Data Protection

At Dungeness Bird Observatory we take security of your data very seriously. The data we hold is kept securely on a password protected device and we never pass on any information to a third party. For more information please read our Data Policy available here.

Corona Virus Update

We are glad to say that the Observatory is now clear and visitors are very welcome. We are very pleased to be accepting bookings at the Observatory. In order to keep staff and visitors as safe as possible, we may request that you take a Lateral Flow Test (provided) before you first come in. The hides will be open for 'Friends of DBOT'. However, we would request that you continue to observe safe practises and sanitiser and spray will continue to be provided to clean down the handles and closures in the hide after you have used it.

Please forward any Dungeness recording area records to the Warden.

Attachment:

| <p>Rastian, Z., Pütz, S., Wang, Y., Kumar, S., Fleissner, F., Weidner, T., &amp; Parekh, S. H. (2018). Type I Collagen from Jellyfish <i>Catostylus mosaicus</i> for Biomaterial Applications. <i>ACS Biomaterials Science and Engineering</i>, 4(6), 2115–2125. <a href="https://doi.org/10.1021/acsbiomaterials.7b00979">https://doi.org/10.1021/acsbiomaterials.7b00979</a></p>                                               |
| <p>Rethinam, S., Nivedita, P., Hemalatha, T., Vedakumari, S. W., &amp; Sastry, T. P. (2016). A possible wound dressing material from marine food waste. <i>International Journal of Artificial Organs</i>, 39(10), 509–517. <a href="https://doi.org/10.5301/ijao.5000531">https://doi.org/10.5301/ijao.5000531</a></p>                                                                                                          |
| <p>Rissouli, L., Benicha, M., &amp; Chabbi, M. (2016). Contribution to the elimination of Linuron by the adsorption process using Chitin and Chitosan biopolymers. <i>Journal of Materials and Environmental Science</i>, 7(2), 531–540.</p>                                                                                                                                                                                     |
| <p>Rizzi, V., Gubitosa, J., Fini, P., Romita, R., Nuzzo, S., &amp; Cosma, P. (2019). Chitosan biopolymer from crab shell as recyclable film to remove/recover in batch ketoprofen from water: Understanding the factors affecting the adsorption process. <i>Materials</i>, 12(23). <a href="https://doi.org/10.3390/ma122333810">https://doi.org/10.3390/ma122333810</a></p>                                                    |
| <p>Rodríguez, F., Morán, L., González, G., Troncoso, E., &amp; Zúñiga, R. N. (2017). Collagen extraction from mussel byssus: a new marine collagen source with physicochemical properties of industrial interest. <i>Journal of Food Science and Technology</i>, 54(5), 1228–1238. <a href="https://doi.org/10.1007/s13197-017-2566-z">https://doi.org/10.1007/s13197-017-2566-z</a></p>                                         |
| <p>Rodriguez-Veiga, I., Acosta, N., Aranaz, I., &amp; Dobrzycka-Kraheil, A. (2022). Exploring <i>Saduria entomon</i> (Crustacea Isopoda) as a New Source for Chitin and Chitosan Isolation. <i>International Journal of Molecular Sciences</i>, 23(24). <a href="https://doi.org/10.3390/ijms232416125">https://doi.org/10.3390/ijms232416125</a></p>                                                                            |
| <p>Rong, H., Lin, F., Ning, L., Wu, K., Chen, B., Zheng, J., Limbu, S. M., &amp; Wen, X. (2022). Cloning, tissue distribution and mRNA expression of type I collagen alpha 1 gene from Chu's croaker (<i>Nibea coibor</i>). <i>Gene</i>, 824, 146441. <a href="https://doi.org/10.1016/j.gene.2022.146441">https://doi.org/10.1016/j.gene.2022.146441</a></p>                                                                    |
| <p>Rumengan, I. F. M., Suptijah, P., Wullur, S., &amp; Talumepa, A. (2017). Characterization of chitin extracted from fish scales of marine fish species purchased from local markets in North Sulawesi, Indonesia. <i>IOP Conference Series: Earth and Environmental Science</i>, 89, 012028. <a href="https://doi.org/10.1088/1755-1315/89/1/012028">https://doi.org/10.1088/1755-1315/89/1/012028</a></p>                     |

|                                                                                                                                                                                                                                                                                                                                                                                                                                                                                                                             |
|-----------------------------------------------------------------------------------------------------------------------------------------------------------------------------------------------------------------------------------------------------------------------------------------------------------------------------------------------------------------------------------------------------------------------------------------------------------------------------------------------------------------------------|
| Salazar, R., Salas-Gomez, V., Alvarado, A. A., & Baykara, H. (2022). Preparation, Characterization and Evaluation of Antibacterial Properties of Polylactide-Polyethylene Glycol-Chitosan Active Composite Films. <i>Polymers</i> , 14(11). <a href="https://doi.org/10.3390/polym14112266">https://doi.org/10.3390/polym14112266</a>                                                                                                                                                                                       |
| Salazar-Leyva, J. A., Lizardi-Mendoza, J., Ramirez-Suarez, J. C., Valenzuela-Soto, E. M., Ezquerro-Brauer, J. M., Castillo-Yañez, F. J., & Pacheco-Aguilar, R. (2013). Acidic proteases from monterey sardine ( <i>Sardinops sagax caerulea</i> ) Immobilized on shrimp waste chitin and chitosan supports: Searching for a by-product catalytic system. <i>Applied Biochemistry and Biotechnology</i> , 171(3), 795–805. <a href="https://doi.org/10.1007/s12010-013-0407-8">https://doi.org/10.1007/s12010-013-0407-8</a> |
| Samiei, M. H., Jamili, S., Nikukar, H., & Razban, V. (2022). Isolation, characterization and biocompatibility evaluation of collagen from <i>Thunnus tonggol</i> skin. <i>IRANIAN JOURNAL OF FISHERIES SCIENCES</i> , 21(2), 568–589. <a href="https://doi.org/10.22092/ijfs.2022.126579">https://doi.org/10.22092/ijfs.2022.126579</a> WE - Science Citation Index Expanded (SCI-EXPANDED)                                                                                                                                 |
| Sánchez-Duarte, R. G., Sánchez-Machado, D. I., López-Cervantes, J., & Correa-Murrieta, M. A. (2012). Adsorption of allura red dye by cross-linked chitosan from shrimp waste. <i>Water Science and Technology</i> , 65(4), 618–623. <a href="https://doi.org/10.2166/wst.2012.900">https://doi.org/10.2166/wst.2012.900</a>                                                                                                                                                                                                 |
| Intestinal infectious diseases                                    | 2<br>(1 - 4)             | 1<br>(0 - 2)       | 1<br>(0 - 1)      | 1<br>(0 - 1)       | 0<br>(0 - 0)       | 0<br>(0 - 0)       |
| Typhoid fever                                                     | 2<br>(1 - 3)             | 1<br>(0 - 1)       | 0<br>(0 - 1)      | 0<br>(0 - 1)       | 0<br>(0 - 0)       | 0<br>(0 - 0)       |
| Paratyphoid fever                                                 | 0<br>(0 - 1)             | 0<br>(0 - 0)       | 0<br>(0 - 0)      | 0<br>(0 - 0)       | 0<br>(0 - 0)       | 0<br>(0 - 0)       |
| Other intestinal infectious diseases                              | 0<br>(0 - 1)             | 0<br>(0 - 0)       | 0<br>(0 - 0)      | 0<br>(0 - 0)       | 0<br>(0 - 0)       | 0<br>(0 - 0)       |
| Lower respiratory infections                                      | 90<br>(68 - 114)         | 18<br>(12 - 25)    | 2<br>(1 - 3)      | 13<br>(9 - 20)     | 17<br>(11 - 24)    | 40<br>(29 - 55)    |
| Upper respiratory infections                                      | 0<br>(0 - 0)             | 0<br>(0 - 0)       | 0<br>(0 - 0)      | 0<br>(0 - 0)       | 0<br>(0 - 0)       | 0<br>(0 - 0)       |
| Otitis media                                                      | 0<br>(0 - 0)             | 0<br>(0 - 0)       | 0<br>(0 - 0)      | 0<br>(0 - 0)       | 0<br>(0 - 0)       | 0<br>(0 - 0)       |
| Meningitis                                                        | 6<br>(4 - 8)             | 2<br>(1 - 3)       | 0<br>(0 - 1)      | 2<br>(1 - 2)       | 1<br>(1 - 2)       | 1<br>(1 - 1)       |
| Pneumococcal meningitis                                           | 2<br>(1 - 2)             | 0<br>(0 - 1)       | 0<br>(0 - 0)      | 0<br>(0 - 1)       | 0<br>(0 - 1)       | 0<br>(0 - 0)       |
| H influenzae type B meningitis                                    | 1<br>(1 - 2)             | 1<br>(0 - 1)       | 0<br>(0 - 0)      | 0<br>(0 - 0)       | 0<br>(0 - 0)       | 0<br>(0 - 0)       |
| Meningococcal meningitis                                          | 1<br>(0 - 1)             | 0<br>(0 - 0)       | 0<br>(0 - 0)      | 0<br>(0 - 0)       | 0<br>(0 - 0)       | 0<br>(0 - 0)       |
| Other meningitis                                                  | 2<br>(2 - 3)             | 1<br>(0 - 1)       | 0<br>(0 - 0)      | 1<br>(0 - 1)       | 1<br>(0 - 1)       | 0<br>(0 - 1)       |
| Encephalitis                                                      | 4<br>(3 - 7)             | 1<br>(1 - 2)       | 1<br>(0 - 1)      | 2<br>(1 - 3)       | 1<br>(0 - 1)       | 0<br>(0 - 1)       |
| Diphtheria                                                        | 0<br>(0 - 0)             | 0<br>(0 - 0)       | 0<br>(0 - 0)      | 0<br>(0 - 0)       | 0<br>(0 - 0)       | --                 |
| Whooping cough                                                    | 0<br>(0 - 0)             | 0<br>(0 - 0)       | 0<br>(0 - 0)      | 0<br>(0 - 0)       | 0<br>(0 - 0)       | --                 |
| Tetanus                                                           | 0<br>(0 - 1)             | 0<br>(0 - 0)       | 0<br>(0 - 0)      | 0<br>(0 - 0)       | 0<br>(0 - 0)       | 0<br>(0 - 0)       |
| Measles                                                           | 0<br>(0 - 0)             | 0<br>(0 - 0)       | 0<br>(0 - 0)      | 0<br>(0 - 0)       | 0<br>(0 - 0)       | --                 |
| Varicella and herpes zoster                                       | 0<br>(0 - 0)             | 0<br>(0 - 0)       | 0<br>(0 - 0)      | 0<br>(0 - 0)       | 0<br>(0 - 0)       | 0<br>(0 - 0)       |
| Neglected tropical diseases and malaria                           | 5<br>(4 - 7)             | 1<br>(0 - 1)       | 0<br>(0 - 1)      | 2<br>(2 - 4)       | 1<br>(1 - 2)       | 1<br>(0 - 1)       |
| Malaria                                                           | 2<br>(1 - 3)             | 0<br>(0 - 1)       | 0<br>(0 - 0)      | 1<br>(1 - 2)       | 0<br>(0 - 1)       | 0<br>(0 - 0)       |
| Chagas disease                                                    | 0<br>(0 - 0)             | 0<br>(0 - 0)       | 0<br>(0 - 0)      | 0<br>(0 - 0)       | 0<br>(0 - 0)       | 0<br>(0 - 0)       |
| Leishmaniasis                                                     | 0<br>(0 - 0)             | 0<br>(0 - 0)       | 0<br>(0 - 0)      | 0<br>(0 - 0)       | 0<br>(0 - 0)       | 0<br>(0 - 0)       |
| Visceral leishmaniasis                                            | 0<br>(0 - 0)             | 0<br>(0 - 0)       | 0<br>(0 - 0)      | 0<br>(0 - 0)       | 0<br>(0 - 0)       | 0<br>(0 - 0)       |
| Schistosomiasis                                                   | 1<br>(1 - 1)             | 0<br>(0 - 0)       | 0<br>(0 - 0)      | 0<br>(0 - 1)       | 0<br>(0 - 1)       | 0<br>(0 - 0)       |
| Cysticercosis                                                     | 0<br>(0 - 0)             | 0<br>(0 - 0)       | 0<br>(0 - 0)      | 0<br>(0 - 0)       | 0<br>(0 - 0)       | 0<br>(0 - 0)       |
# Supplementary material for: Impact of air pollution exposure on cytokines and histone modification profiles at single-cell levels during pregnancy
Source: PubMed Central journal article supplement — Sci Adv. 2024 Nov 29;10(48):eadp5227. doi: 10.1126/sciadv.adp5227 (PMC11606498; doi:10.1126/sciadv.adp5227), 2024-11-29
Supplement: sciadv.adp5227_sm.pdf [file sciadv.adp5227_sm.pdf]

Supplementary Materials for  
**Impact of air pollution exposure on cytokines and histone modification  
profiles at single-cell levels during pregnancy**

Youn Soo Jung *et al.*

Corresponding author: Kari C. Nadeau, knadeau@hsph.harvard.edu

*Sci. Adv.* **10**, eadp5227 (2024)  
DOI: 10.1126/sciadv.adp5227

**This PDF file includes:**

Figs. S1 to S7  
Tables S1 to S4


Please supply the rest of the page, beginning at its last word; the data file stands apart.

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23rd Apr

The bird of the day was a Red-rumped Swallow which flew quickly north along the beach this afternoon but was unfortunately seen by only one observer. It was otherwise quiet again on the land with a Green Sandpiper, a Sedge Warbler, three Song Thrushes, 12 Wheatears and three Yellow Wagtails being about the best of the rest.
The sea was much more productive with birds passing east for most of the day although overall numbers were not that spectacular. Higher counts included 209 Brent Geese (with one Pale-bellied), 847 Common Scoter, 41 Whimbrel, 429 Bar-tailed Godwits, 37 Mediterranean Gulls, 13 Little Gulls and 919 Common/ic Terns. Variety was provided by five Egyptian Geese, five Eider, two Black-throated Divers, seven Knot, a Little Tern, five Great Skuas and eight Arctic Skuas.

At least ten Porpoises and two Grey Seals were feeding offshore.

The first Grizzled Skipper of the year was seen at the Long Pits where a Terrapin species was also seen.